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Dune: House Corrino (Prelude to Dune) MP3 CD – Audiobook, MP3 Audio, Unabridged
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From Publishers Weekly
In this fully satisfying conclusion (after Dune: House Atreides and Dune: House Harkonnen) to the authors' "House" trilogy, Emperor Shaddam Corrino tries to grasp greater power than any emperor before him and to rule the Million Worlds solely according to his whims. On the captured planet Ix, the research Shaddam directs into the creation of a synthetic spice, amal, that will make him all-powerful spirals out of control, putting the entire civilization at risk. Meanwhile, the enslavers of Ix must contend with threats from exiled Prince Rhombur Vernius, who wishes to rule the planet instead. Tumultuous times are also in store for the Bene Gesserit Sisterhood, whose breeding plan has been thrown off course one generation shy of its end. Tension between the houses Atreides and Harkonnen builds to a dramatic showdown. While the intricacy of the first prequel is absent here, so is the filler of the second. Because Herbert and Anderson are extrapolating from someone else's ideas and characters, they tend to overuse catch phrases (like "the Golden Lion throne") from Dune and its sequels with a resulting flatness of language. The inevitable derivative features aside, this is a good, steady, enjoyable tale, and readers who haven't read the first two books can easily follow the plot. A bold, red-and-gold dust jacket, with illustration by Stephen Youll, is a real eye-catcher. Fans who will be sorry to see the end of this series will be heartened by the hint that the Dune saga is far from over.
Copyright 2001 Cahners Business Information, Inc.--This text refers to an out of print or unavailable edition of this title.
From Library Journal
First House Atreides. Then House Harkonnen. Now, continuing to plunder the material left by Frank Herbert, the authors finish off the trilogy that serves as a prequel to Herbert's immortal sf epic, Dune.
Copyright 2001 Reed Business Information, Inc. --This text refers to an out of print or unavailable edition of this title.
Top customer reviews
Brian and Kevin start with this trilogy a difficult mission: revisit Dune's universe describing the events immediately preceding Dune, the first & unforgettable volume of the famous saga.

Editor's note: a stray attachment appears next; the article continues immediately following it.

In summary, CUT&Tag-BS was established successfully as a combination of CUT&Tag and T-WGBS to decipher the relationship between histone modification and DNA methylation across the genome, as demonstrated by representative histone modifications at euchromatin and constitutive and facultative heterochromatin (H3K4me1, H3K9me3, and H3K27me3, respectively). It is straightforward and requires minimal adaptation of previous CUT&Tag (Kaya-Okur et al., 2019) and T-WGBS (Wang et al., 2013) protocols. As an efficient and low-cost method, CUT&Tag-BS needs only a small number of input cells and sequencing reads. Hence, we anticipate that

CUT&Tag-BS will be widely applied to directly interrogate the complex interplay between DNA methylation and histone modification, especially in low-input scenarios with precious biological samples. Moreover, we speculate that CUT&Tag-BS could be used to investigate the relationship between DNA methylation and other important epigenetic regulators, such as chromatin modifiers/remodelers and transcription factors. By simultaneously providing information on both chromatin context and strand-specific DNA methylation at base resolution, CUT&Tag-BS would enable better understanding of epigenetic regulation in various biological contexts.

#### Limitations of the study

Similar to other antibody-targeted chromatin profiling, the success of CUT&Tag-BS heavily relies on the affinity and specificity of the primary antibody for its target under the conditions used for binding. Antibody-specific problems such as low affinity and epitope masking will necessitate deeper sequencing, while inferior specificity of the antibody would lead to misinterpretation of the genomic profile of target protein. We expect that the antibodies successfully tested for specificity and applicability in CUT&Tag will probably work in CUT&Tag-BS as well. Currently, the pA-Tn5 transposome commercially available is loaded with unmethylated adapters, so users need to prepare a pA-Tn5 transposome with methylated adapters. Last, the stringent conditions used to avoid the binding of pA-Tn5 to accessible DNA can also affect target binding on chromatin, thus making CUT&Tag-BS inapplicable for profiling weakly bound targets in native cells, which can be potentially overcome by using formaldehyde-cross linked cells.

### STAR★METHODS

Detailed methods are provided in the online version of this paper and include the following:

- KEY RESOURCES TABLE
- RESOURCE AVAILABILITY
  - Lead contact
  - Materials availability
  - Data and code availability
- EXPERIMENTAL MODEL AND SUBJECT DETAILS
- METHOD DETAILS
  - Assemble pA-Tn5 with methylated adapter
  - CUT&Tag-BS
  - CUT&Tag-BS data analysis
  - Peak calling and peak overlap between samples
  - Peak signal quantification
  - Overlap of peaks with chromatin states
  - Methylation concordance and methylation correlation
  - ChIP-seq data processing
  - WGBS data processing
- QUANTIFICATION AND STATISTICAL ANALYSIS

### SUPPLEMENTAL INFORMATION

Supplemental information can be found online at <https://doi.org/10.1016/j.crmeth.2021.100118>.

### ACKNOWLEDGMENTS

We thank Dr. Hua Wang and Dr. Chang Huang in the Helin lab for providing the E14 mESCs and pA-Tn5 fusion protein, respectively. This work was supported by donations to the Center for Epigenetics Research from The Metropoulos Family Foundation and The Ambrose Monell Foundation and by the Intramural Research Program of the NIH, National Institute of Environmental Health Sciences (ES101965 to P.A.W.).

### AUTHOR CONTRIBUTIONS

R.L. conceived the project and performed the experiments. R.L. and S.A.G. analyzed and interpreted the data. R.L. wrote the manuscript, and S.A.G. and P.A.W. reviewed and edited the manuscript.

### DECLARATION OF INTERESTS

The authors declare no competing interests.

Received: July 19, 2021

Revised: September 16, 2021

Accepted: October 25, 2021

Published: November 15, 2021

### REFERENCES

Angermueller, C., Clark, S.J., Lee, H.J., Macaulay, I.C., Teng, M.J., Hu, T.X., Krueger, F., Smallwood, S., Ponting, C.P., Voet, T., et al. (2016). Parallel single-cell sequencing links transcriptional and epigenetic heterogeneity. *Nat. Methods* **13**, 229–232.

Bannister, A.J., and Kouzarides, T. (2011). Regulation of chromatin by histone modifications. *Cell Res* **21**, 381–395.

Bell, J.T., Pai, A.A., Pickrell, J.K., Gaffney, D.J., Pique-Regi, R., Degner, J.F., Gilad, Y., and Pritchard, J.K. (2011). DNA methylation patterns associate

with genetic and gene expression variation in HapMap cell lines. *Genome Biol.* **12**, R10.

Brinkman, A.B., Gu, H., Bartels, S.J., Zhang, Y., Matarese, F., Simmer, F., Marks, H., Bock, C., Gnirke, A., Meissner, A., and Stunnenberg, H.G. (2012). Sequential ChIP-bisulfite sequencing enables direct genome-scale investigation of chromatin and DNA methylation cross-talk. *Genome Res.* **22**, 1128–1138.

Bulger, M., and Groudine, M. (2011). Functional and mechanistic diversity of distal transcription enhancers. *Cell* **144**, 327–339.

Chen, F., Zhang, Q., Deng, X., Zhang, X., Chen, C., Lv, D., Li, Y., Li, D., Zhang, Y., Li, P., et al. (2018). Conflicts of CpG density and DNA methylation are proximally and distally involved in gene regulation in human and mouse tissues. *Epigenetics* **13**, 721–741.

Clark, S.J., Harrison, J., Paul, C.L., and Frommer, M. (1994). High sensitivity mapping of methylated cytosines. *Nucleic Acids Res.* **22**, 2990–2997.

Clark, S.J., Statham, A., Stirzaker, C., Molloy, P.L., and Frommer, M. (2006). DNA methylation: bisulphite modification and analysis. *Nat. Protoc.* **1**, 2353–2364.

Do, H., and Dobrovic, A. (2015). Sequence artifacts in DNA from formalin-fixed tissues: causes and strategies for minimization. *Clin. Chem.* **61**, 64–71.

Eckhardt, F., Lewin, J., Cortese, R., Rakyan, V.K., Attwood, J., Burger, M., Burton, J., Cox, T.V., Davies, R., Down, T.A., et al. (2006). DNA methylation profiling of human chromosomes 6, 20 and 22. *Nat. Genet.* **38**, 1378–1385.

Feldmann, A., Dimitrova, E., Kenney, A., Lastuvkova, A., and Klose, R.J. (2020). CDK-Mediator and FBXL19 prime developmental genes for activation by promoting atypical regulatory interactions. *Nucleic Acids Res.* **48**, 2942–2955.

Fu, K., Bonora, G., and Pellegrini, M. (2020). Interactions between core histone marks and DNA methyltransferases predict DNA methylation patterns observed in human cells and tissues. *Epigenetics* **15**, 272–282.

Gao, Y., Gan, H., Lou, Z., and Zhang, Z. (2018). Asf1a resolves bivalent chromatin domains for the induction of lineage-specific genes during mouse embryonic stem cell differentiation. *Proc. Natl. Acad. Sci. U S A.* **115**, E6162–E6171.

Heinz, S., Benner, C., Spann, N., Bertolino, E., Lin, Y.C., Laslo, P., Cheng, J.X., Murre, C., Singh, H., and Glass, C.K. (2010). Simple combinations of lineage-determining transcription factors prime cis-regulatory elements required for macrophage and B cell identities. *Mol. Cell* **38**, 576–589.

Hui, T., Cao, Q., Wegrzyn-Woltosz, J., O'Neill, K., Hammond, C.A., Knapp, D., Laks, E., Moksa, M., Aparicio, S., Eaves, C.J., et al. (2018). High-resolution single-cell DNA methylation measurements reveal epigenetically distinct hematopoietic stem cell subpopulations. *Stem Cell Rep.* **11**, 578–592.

Did they succeed? Well, yes and... no. Yes because they deliver an interesting first step with all the elements of this fascinating universe; and no because the stories are not as gripping as the original Dune.
Nevertheless Dune's fans (as me) should not be too disappointed because even Frank Herbert wasn't at the same height when writing Dune Messiah, Children of Dune and God Emperor of Dune and he will recover allure only with the two last books of the series.
So let us hope the same will happen with Brian & Kevin efforts in next trilogies!
The variety of themes touched by the original series is still present in this trilogy: ecology, political-religious interaction, genetic manipulation, longevity drugs and secret sisterhoods and brotherhoods.
The story is as follows.
There is a Galactic Empire ruled by the Emperor. There are powerful Noble Houses that rule different planetary systems and confront each other in endless struggle, yet subject to strict rules. There is a Guild of interstellar Pilots. There is the Bene Gesserit Sisterhood following their eugenic plans and playing in backstage as advisors to all powers. Computers & AI are forbidden and replaced by human-computers called Mentat. Arrakis is Desert Planet producer of a unique substance: the Spice and it is inhabited by mysterious desert dwellers: the Fremen.
Consist of several threads that are mingled and interact thru the whole triad.
A Duke Leto Atreides is decided to establish his House in a dominant position at the same time Lady Jessica his concubine is pregnant.
The Bene Gesserit Sisterhood following their eugenic plans is anxiously waiting for Jessica's child certain that will be the expected girl.
Baron Vladimir head of Noble House Harkonnen, Atreides' ancestral enemy, continue staging plot after plot against the Atreides.
The Emperor Shaddam is certain that his secret plan to obtain synthetic Spice is nearing success and start launching imprudent political and military blows without the counsel of his intimate supporter Count Fenring.
The Bene Tleilax main investigator is planning to profit from "his" Spice and let down Emperor's hopes.
This book is the best of the trilogy and all threads are neatly tied at its conclusion.
I recommend this book to sci-fi lovers and general public too.
Reviewed by Max Yofre.
In fact, House Corrino does a fair job of explaining the inner workings of the Galactic Imperium--better than Dune itself did. The reader learns a great deal about House-to-House warfare, the strictures of kanly, and other elements of the Dune universe which the original Dune novel really only just touched upon. The Bene Gesserit Sisterhood, similarly, springs to life in this novel.
I went back and forth between three stars and four, but ultimately went with four stars because this book passed one of my major tests: I enjoyed reading it the second time as much as the first. This is a genuine story of political intrigue that is internally consistent, features decent character development (perhaps even better than Frank Herbert achieved in Dune; character development was never one of Frank Herbert's major strengths.)
Overall this is an engaging novel that Dune enthusiasts won't want to pass up. I thought it was clearly better than the sequels to Dune that Frank Herbert himself wrote.